dc.date.issued1996-08-03-
dc.identifier.urihttp://hdl.handle.net/10150/615702-
dc.description.abstractHydrological properties of the vadose zone often exhibit a high degree of spatial variability at various scales due to the heterogeneous nature of geological formations. For laboratory scale problems (i.e., small cores, soil columns, and sand boxes), variation in pore size, pore geometry, and tortuosity of pore channels are the major source of heterogeneity. They are called laboratory-scale heterogeneity. Microstratification, foliation, cracks, and roots are also some possible heterogeneities at this scale. As our observation scale increases to a field, stratification or layering in a geologic formation becomes the dominant heterogeneity, which is often classified as field-scale heterogeneity. At an even larger observation scale, the regional-scale heterogeneity represents the variation of geologic formations or facies. Variations among sedimentary basins are then categorized as the global-scale heterogeneity. Fundamental theories for flow and solute transport through porous media are essentially derived for the laboratory-scale heterogeneity. When we attempt to apply these theories to the vadose zone, comprising heterogeneities of many different scales, we encounter the scale problem. To resolve this problem two approaches have evolved in the past: the system approach and the physical approach. The former approach treats the vadose zone as a low pass filter and its governing principle is determined by the relationship between its input and output histories (e.g., Jury et al., 1986). The latter approach however relies on upscaling the laboratory-scale theories to the vadose zone. While the system approach has been widely used by soil scientists, it is often criticized for its empiricism and the lack of physical principles. Besides, it is known to be limited to nonpoint source problems or those related to the integrated behavior of a system (for example, the average concentration of nitrate in the irrigation return flow at irrigation drains or their breakthrough at the water table beneath an irrigation field). Since this approach requires the knowledge of input and output histories and model calibrations, flow and tracer experiments must be carried out at a given site prior to prediction. Further, a calibrated system model for the vadose zone at a given depth under a given condition is often found unsuitable for different depths and conditions (e.g., Butters et al., 1989; Butters and Jury, 1989; Roth et al., 1991). While such system approaches are practical tools for predicting water flow and pollutant transport through thin vadose zones to the water table or to irrigation drains at agricultural fields, their utility for general hydrogeological problems is limited. Hydrogeological problems involve vadose zones of tens and hundreds of meters in thickness. Input sources to these vadose zones are small compared with the scale of hydrogeological settings. Yet, groundwater hydrologists have to focus on the spatial and temporal evolution of flow and spread of solutes over the vadose zone and regional aquifers (Stephens, 1996). Because of these above- mentioned reasons, the following discussion will concentrate on the physical approach that has been widely used by groundwater hydrologists. Moreover, the discussion will present only the author's point of view about the scale issue and approaches to the heterogeneity in the vadose zone.en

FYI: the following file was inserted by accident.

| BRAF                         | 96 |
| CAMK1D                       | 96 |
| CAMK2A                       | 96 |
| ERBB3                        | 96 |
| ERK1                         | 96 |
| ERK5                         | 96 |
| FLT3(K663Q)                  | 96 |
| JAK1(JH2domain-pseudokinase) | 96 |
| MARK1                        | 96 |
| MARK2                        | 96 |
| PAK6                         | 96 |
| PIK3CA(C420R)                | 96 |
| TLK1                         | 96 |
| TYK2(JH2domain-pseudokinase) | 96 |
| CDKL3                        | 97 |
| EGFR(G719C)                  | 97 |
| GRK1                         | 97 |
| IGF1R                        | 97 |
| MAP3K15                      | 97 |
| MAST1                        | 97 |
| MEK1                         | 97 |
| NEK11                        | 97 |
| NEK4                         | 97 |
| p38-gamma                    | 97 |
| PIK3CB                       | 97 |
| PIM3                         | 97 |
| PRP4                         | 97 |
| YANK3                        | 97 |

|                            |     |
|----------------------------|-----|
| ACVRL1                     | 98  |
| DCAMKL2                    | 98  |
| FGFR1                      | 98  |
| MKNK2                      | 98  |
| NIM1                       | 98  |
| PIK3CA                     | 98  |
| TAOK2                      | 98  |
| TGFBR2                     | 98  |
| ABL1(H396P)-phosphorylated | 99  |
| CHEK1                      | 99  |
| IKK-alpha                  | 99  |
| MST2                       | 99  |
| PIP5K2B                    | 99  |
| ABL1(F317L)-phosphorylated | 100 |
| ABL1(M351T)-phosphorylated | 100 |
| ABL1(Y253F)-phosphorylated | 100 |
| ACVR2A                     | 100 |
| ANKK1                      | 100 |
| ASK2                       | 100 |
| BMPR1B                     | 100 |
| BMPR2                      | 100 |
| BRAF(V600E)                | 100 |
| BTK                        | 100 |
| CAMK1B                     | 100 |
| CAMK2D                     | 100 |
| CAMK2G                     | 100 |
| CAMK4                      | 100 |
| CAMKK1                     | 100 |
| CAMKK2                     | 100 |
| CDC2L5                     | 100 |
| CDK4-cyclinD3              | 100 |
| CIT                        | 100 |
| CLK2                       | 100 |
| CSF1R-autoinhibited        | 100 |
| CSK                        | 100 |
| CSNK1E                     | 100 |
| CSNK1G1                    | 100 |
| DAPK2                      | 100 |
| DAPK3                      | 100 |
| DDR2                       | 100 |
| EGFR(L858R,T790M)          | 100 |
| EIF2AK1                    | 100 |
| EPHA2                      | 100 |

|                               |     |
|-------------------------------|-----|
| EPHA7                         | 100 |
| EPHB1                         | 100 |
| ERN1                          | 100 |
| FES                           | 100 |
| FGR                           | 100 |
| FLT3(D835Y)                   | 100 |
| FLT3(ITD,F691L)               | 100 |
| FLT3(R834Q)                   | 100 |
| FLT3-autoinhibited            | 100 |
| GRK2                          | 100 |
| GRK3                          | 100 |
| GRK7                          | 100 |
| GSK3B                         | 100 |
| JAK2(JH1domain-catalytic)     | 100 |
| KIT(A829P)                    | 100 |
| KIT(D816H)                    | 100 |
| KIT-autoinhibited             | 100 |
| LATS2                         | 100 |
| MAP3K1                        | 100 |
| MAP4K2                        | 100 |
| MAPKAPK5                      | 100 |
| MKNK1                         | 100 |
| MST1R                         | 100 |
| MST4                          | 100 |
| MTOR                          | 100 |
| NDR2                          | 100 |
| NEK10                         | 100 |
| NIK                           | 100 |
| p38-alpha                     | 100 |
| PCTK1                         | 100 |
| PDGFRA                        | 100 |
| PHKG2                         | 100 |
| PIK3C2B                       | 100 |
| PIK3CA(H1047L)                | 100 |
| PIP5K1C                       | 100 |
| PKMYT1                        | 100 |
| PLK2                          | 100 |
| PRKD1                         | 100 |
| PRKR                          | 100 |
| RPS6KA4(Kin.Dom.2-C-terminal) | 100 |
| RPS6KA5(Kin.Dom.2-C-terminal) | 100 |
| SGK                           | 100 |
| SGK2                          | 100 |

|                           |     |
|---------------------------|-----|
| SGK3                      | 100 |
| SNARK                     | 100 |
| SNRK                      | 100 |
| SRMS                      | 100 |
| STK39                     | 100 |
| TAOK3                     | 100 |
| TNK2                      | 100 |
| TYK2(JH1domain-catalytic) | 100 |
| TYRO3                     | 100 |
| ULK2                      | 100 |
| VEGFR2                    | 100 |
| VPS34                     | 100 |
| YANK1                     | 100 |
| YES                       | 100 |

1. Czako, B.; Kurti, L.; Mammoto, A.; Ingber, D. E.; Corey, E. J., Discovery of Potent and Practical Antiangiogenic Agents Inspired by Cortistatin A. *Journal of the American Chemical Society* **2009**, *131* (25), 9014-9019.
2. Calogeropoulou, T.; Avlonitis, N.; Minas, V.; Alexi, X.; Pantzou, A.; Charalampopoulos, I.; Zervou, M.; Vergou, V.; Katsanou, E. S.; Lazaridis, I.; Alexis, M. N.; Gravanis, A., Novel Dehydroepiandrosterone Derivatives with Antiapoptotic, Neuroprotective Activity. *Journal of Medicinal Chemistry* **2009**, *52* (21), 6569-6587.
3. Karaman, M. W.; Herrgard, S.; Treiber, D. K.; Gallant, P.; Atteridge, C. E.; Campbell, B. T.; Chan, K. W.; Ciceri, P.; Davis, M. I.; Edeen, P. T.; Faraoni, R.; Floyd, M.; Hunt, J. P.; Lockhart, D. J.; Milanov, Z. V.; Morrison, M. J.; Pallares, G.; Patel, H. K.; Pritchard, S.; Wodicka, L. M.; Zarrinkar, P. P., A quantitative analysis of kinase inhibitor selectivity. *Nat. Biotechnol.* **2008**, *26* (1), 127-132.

dc.language.isoen_USen
dc.publisherDepartment of Hydrology and Water Resources, University of Arizona (Tucson, AZ)en
dc.relation.ispartofseriesTechnical Reports on Hydrology and Water Resources, No. 96-040en
dc.rightsCopyright © Arizona Board of Regentsen
dc.sourceProvided by the Department of Hydrology and Water Resources.en
dc.titleScale issues of heterogeneity in vadose zone hydrology and practical solutionsen_US
dc.typetexten
dc.typeTechnical Reporten
dc.contributor.departmentDepartment of Hydrology & Water Resources, The University of Arizonaen
dc.description.collectioninformationThis title from the Hydrology & Water Resources Technical Reports collection is made available by the Department of Hydrology & Atmospheric Sciences and the University Libraries, University of Arizona. If you have questions about titles in this collection, please contact repository@u.library.arizona.edu.en